24: More Than Scripture Alone | Chap 10 of Not a Fan by Kyle Idleman

In this episode John and Gregg return to Not a Fan by Kyle Idleman and discuss Chapter Ten.  John questions Idleman’s chapter-ending story where following Jesus equates to “giving up period.”  In turn, Gregg doubts this includes “giving up on church” or even “waiting on God,” a theme John sees nowhere in Idleman’s relentless message of “try harder” and, “you can never be committed enough.”

Gregg’s contention from the beginning has been that the underlying message of Not A Fan is misguided because it is driven from a foundation of misplaced priorities and ideas, namely this often cited section on page 21,

What if there really is a heaven and there really is a hell, and where I spend eternity comes down to this one question? …. As you read this book I hope you would at least consider that this may be the most important question you ever answer.  I believe the reason we were put on this earth is to answer this one question.

The right reason to be a Christian is to be in right relationship–a love relationship–with God, versus avoiding the punishment of hell or seeking the reward of heaven. To that end, Gregg wonders how Idleman experiences God’s love and why he does not mention it as a way of explaining his relationship with God.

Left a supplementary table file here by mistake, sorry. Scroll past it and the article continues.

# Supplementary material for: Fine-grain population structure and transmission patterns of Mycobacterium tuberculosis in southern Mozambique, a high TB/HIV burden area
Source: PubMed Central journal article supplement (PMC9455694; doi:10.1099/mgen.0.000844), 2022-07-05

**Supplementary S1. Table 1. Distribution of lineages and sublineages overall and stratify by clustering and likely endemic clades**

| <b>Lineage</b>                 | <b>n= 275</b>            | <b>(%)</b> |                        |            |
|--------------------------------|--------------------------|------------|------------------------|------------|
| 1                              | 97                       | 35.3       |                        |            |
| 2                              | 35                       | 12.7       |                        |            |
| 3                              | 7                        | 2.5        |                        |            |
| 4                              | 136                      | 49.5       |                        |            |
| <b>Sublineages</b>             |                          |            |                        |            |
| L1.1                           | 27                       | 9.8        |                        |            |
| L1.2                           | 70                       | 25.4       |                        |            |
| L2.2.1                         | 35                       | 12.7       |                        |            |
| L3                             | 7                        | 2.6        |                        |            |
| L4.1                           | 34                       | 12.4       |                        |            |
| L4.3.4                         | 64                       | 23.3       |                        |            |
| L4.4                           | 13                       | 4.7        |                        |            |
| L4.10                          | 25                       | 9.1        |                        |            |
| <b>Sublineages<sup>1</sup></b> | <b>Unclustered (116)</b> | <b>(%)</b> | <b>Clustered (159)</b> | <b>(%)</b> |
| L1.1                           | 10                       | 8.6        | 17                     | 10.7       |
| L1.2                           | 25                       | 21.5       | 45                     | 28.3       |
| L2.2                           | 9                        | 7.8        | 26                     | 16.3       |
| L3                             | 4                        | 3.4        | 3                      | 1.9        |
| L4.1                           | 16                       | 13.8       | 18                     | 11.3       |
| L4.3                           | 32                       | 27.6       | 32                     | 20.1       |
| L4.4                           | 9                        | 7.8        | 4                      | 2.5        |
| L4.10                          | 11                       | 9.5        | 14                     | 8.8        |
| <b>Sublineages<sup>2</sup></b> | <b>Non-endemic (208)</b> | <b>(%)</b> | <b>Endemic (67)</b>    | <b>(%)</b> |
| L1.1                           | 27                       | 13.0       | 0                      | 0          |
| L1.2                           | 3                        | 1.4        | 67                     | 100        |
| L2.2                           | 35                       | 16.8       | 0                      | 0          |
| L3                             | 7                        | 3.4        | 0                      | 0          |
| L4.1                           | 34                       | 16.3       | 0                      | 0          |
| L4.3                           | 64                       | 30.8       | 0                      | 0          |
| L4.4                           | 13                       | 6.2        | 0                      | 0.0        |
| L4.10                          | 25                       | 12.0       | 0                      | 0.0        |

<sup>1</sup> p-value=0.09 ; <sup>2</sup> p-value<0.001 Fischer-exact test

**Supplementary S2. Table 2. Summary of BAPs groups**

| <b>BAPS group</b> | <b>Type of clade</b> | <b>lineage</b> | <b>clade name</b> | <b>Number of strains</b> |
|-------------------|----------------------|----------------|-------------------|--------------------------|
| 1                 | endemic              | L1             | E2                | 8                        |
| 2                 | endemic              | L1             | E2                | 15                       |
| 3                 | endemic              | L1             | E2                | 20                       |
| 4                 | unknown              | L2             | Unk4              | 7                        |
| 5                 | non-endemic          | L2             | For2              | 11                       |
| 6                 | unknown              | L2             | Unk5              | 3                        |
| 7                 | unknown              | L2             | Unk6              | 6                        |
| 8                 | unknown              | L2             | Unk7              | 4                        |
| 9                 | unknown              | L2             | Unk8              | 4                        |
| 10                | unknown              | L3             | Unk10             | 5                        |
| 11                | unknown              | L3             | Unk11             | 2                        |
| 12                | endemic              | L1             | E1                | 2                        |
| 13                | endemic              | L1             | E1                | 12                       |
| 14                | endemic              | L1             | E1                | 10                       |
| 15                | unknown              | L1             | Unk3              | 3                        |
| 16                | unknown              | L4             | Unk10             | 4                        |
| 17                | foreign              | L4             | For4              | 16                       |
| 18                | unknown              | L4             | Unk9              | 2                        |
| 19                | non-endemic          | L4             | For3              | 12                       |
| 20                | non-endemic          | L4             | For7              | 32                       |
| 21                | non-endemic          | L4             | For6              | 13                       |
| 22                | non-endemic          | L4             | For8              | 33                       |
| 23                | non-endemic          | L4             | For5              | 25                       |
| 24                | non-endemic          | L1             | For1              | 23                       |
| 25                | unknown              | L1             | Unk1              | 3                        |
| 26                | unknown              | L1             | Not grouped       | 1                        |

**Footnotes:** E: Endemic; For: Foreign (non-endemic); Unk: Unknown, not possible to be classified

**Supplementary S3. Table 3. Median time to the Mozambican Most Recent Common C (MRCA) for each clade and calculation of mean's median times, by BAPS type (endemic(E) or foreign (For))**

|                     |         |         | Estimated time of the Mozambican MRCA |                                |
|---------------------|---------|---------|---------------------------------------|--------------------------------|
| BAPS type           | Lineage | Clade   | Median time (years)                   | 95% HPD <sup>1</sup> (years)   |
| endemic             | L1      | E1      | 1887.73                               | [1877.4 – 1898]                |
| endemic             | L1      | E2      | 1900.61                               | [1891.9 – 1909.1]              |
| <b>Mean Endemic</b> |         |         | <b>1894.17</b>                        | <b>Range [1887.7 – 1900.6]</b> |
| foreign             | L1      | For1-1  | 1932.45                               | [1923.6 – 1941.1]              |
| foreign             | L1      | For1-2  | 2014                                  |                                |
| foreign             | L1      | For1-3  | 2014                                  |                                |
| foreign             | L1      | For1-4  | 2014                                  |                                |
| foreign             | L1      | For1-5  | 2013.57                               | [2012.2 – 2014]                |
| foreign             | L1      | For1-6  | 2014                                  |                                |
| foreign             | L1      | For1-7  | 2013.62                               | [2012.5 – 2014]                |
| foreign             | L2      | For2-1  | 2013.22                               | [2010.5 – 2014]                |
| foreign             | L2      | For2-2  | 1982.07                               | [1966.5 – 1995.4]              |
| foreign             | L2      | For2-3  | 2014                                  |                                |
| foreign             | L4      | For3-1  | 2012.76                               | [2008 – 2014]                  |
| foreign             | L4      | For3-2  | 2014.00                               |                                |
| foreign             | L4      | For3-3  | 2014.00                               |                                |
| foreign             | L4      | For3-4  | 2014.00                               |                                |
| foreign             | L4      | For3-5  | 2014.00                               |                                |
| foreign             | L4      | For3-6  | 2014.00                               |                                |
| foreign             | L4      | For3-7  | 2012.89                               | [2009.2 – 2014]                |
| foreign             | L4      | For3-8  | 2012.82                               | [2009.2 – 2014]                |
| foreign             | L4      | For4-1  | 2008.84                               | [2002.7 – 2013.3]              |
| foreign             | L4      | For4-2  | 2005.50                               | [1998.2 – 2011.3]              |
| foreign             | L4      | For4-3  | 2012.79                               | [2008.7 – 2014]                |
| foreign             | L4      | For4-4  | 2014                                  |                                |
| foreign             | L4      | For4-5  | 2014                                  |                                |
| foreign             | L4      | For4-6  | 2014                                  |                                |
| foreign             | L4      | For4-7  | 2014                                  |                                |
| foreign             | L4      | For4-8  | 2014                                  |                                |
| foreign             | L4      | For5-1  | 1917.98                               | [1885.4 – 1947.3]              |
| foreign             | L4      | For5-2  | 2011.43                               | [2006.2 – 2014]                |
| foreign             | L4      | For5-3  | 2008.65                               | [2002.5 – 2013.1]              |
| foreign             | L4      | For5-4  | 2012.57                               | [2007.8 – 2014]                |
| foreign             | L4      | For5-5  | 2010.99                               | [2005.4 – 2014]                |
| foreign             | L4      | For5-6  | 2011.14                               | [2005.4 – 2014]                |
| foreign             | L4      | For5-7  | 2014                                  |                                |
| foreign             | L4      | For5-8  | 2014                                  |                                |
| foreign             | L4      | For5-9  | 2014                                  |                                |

Gregg notes additional places where Kyle Idleman’s exegesis is questionable and how Idelman never cites other biblical references that might contradict his position.  Gregg wonders if this is because Idleman is trying to validate a position that, in key ways, is at odds with the biblical message.  Gregg believes Idleman could build a stronger case for his message by testing his position against possible contradictory passages, in order to show how, in fact, they are not at odds.

John sees Idleman’s poor exegesis and over-emphasis of select fragments of scripture following the common error of thinking that every word or sentence from the Bible readily addresses, and should be applied to, every part of our lives–application that often ignores or fails to consider the context in which it was written or the meaning for it’s originally intended audience.

Gregg suggests that instead of asking “What,” we need to ask “Why”–Why did God create? Why did Jesus choose to be obedient to the point of dying on a cross?  Starting with the “why” questions elicits and encourages relationship instead of gathering “data” about God through “What” questions.

Finally, Gregg believes Idelman’s “try harder” approach cannot deal with bad religion.  For example, when the prophets were faced with the Israel that was not Israel as it was supposed to be, but wouldn’t admit it.  Without this necessary sense of suspicion we risk being deeply dishonest by holding to a belief or a way of believing that is foul while we claim it to be fair.

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